This section is from the book "The Law Of Contracts", by William Herbert Page. Also available from Amazon: Commercial Contracts: A Practical Guide to Deals, Contracts, Agreements and Promises.
The practical difference between the various classes of covenants when considered with reference to their relation to one another consists in the extent to which it is necessary for one of the parties to perform or to tender performance by formal tender, or to offer performance without a formal tender, in order to enforce the covenants on the part of the adversary party against such adversary party.
3 Thorpe v. Thorpe, 12 Mod. 455. 4 See Sec. 2576.
5 Thorpe's Case, March 75.
6 Harriman National Bank v. Sel-domridge, 240 U. S. 1, - L. ed. - .
7 Hill v. Grigsby, 35 Cal. 656; Todd v. State Bank, 182 la. 276, 165 N. W. 593.
8 Loud v. Pomona Land & Water Co., 153 U. S. 564, 38 L. ed. 822.
If one of the covenants is precedent, it is necessary that the party who is bound thereby should perform,1 or should make formal tender of performance,2 in order to enforce the subsequent covenants on the part of the adversary party against such adversary party.3
If the covenant in question is a subsequent covenant, it is not necessary that the party who is bound thereby should perform or should tender performance, or should be ready and willing to perform and call upon the adversary party to perform, in order to enforce the precedent covenant on the part of the adversary party against such adversary party.4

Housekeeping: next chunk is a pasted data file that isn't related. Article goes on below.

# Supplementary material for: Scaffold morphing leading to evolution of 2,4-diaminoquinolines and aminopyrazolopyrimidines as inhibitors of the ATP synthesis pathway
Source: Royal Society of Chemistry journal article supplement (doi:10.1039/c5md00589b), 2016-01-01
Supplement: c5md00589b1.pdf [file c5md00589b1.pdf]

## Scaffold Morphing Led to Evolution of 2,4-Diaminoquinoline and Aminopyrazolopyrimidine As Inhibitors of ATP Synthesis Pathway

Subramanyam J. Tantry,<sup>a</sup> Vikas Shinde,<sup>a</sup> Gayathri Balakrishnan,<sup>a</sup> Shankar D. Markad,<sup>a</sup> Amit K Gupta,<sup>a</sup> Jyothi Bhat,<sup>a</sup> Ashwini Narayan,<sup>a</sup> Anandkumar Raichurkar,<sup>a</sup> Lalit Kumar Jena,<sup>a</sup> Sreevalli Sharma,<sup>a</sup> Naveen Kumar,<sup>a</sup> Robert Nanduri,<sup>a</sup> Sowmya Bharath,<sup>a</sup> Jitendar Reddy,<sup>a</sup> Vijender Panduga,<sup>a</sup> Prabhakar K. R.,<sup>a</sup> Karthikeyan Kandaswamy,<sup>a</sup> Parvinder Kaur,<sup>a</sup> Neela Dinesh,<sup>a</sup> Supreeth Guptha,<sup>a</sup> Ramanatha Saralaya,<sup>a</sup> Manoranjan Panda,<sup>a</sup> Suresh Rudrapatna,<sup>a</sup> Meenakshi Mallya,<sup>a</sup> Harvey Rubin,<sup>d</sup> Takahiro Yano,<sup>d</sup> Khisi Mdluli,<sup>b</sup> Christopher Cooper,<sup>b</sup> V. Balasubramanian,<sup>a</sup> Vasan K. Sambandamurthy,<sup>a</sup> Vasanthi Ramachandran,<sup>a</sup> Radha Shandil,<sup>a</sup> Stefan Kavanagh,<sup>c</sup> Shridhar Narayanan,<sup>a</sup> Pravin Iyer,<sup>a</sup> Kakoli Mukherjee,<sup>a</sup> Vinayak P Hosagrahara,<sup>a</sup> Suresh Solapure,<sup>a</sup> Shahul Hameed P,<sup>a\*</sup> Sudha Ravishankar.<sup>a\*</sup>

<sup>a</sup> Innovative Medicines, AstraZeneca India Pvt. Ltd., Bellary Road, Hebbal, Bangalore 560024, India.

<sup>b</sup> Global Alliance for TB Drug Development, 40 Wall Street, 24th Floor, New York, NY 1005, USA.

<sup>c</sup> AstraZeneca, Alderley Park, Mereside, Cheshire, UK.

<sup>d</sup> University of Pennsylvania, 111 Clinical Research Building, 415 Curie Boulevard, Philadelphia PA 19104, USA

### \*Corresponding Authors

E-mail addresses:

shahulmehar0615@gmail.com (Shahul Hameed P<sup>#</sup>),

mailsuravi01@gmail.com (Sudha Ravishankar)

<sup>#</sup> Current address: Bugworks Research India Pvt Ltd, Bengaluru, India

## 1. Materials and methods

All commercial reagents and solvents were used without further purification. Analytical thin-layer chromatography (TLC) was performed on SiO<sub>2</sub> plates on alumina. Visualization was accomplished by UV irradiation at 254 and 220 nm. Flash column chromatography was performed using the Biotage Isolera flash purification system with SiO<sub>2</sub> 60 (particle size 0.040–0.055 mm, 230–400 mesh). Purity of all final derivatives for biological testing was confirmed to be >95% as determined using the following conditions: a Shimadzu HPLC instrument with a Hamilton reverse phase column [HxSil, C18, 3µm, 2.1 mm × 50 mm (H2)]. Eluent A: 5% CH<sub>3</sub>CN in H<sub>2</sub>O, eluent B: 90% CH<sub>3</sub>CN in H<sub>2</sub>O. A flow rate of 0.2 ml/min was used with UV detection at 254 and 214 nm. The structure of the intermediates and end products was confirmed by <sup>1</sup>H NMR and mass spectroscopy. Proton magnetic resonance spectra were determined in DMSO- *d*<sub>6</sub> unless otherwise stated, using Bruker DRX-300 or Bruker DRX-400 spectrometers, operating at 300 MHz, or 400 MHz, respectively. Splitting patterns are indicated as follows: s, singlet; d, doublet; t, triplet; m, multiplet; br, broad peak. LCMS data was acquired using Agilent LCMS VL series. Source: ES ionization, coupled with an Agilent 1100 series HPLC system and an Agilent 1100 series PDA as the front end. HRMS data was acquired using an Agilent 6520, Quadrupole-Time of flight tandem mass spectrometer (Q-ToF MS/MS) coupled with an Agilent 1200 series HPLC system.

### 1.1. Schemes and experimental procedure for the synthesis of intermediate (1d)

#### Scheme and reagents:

If the covenants are concurrent, formal tender may be made for greater safety, but it is not necessary to enable one of the parties to enforce such covenant against the other; but it is necessary that the party who wishes to enforce such covenant should be ready and willing to perform, and that he should notify the adversary party of such fact in such a way as to call upon him for performance of the covenant on his part to be performed.5
If the covenants in question are independent covenants, it is not necessary that the party who wishes to enforce such covenant should perform or tender performance, or be ready and willing to perform and call upon the adversary party to perform, in order to enforce such independent covenant against such adversary party.6
Accordingly, if one of the parties has performed or has made formal tender of performance, there is no practical difference between a precedent covenant and a concurrent covenant, as to the right of the party who has thus performed or tendered performance, to enforce the covenants on the part of the adversary party against such adversary party.7 As a result, in cases of this sort, the courts are likely to confuse the precedent covenants and the concurrent covenants, since the same practical consequences follow in covenants of each class.
If, on the other hand, the party who seeks to enforce a covenant is not even ready and willing to perform, and has not even offered performance and called upon the adversary party to perform, there is no practical difference between precedent covenants and concurrent covenants on the one hand, since such party can not enforce
1 See chs. LXXX and LXXXI.
2 See eh LXXXIII.
3 See Sec. 2960.
4 See Sec. 2960.
5 See Sec. 2069 and 2970.
6 See Sec. 2976.
7 See Sec. 2951 et seq. and 2961 et seq.
either kind of covenant; and on the other hand there is no difference in effect between subsequent covenants and independent covenants, since such party can enforce each of these classes of covenants in such cases. Accordingly, in cases of this sort, the courts frequently refer to a precedent covenant as an independent cove-nant,8 since the party who seeks to enforce such precedent covenant need not aver even a readiness and willingness to perform and an offer to perform on his part.